The pandemic has not stopped quarantined people from drinking lots and lots of alcohol. Landry’s comes into contact with a lot of customers that drink wine. Let’s say they had a wine-of-the-month type of club in place for a few years that shipped wine to 1000’s of members. They could keep sending monthly wine deliveries and then amp up promotions and discounts during a quarantine to ship out wine like crazy.
Grocery stores have also done very well during the pandemic, with people buying and hoarding all sorts of food and supplies. Landry’s could have focused more energy on this segment, getting prepackaged foods like chicken with pasta into the stores. They could have been signature dishes from the various restaurants under the Landry’s umbrella. You probably wouldn’t do this for the higher end brands, but even an experiential brand like Cadillac Bar is not going to lose business because you can buy its margarita mix at Kroger. Same thing with Rainforest Grill; people go there for the experience more than just the food. Having a Rainforest Grill pasta available at Fry’s is not going to hurt restaurant traffic.
He could have offered to use his hotels as quarantine locations. This one is a tough one since you don’t necessarily want your high end hotels like The Post Oak or the San Luis Resort to be associated with a pandemic, but for his more middle market properties like the Holiday Inn Galveston, maybe their could have been in plan in place to lease it to FEMA to use as a quarantine site for patients that have little to no symptoms but still need to be quarantined. South Korea and Hong Kong have done some of this.
He could have put aside money in the company or on his personal balance sheet, then bought Landry’s loans or bonds back at a huge discount. Landry’s bonds were trading at about 50 cents on the dollar after the pandemic hit. If he held left a substantial chunk of cash on the balance sheet, he would have been able to buy and retire those bonds at a huge discount, at least eliminating some debt service.
On locations that were leased, he might have been able to get away with putting a pandemic rent deferral option into leases (defer rent to additional months at the end of the lease). American society as a whole completely underestimated pandemics prior to COVID-19. Spanish Flu wasn’t exactly fresh on anyone’s minds. With a big name tenant like Landry’s signing the lease, a landlord might have gone along with something like this if they underestimated the likelihood of it ever happening.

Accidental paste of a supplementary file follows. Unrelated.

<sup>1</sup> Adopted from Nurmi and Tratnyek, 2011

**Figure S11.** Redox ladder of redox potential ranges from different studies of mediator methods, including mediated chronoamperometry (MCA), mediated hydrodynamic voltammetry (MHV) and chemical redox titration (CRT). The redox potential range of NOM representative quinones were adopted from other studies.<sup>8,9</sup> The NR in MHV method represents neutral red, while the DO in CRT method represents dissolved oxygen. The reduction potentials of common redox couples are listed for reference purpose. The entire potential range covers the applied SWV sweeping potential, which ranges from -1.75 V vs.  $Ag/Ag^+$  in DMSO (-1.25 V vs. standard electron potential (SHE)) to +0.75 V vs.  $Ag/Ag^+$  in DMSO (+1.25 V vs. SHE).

The company could place a rolling a bet on credit default swaps (CDS) like hedge fund manager Bill Ackman did. He turned a $27 million bet into $2.6 billion because the probability of investment-grade and high yield bonds defaulting increased substantially in a short period of time. The economy had been doing great for so long and spreads between safe assets and riskier assets had gotten so compressed, that some type of downside protection for a restaurant/hotel/casino company would have made a lot of sense.
Now that the pandemic has hit Landry’s, Tilman Fertitta is scrambling to stop the bleeding. Government bailouts, lease re-negotiations, layoffs, changing marketing and operations to be more quarantine-friendly and delivery-friendly, and even selling deeply discounted gift cards may be part of the solution. Short of a perfectly time bet like Bill Ackman’s, most of the other moves would not have been total game-changers. However, they could have at least slowed down the bleeding.